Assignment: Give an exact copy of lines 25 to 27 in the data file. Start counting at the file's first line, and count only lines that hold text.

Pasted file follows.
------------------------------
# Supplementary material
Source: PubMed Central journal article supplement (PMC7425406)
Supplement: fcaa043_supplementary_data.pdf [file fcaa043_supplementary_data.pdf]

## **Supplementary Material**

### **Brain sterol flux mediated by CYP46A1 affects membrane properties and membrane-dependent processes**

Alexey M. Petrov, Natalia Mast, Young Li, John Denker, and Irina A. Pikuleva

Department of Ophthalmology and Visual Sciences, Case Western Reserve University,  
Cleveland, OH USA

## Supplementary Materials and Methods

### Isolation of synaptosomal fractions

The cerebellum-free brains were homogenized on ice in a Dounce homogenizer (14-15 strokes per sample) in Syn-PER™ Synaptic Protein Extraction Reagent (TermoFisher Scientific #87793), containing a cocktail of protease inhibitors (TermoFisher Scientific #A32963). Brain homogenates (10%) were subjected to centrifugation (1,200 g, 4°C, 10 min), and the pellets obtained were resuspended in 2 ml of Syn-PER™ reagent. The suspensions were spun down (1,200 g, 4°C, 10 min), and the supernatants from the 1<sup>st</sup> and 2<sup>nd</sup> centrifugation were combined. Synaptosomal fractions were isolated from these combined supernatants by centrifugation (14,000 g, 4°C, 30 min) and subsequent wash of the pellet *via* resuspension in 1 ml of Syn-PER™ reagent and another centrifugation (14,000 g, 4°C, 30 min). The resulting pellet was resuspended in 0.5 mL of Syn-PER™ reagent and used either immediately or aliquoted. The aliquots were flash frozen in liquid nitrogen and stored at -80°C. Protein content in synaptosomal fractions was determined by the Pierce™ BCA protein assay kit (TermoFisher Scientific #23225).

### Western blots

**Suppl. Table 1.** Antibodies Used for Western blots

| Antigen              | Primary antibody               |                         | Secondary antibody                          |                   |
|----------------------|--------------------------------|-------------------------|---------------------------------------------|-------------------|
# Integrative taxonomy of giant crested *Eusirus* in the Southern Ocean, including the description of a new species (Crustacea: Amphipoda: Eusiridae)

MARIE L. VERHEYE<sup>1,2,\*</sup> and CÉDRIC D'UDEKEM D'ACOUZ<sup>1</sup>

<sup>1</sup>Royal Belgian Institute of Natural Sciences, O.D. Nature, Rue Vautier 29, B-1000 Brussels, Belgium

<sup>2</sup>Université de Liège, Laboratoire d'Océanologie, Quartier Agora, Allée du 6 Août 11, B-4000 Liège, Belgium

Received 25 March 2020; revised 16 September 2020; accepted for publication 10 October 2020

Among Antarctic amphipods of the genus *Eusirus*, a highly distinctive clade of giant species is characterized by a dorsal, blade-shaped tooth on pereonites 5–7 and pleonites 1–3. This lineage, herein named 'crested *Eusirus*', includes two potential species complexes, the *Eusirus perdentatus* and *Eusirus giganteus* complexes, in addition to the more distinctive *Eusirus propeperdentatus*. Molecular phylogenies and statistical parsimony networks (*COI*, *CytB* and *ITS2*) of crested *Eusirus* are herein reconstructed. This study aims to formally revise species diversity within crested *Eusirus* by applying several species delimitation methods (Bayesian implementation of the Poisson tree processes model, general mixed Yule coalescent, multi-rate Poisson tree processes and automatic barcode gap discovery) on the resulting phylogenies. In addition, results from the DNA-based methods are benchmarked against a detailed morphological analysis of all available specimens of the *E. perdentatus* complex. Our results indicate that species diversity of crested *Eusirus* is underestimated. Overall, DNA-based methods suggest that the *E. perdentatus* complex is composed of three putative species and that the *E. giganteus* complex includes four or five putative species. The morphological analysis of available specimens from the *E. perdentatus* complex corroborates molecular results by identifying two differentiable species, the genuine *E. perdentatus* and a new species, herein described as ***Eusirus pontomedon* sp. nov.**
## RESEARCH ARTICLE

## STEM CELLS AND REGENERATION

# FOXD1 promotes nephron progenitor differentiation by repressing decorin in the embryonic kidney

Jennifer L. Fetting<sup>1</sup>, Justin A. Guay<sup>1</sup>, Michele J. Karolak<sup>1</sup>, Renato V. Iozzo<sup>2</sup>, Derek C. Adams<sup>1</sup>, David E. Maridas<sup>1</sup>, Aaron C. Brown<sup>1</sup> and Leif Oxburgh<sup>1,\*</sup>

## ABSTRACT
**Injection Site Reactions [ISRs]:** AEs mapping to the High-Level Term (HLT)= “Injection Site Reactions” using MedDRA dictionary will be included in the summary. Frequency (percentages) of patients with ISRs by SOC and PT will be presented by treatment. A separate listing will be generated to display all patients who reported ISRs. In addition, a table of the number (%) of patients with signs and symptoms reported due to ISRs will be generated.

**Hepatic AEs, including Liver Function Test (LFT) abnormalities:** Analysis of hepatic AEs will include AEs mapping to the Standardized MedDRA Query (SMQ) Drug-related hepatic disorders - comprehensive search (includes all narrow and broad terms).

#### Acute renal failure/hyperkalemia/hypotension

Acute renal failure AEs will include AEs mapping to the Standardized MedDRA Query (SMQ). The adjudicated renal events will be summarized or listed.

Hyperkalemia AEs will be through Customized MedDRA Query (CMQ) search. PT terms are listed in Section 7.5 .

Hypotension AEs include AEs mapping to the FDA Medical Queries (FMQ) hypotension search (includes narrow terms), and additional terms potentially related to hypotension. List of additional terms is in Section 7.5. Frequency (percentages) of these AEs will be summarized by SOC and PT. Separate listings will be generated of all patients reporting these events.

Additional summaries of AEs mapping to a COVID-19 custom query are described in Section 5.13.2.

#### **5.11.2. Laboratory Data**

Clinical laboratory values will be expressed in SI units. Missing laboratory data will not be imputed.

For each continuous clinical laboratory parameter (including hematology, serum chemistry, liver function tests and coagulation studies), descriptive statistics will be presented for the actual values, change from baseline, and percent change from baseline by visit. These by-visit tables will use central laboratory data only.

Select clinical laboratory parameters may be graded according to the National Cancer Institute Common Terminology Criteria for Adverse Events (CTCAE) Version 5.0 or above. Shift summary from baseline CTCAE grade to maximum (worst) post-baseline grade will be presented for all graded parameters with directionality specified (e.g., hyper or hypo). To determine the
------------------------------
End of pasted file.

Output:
Jennifer L. Fetting<sup>1</sup>, Justin A. Guay<sup>1</sup>, Michele J. Karolak<sup>1</sup>, Renato V. Iozzo<sup>2</sup>, Derek C. Adams<sup>1</sup>, David E. Maridas<sup>1</sup>, Aaron C. Brown<sup>1</sup> and Leif Oxburgh<sup>1,\*</sup>

## ABSTRACT
**Injection Site Reactions [ISRs]:** AEs mapping to the High-Level Term (HLT)= “Injection Site Reactions” using MedDRA dictionary will be included in the summary. Frequency (percentages) of patients with ISRs by SOC and PT will be presented by treatment. A separate listing will be generated to display all patients who reported ISRs. In addition, a table of the number (%) of patients with signs and symptoms reported due to ISRs will be generated.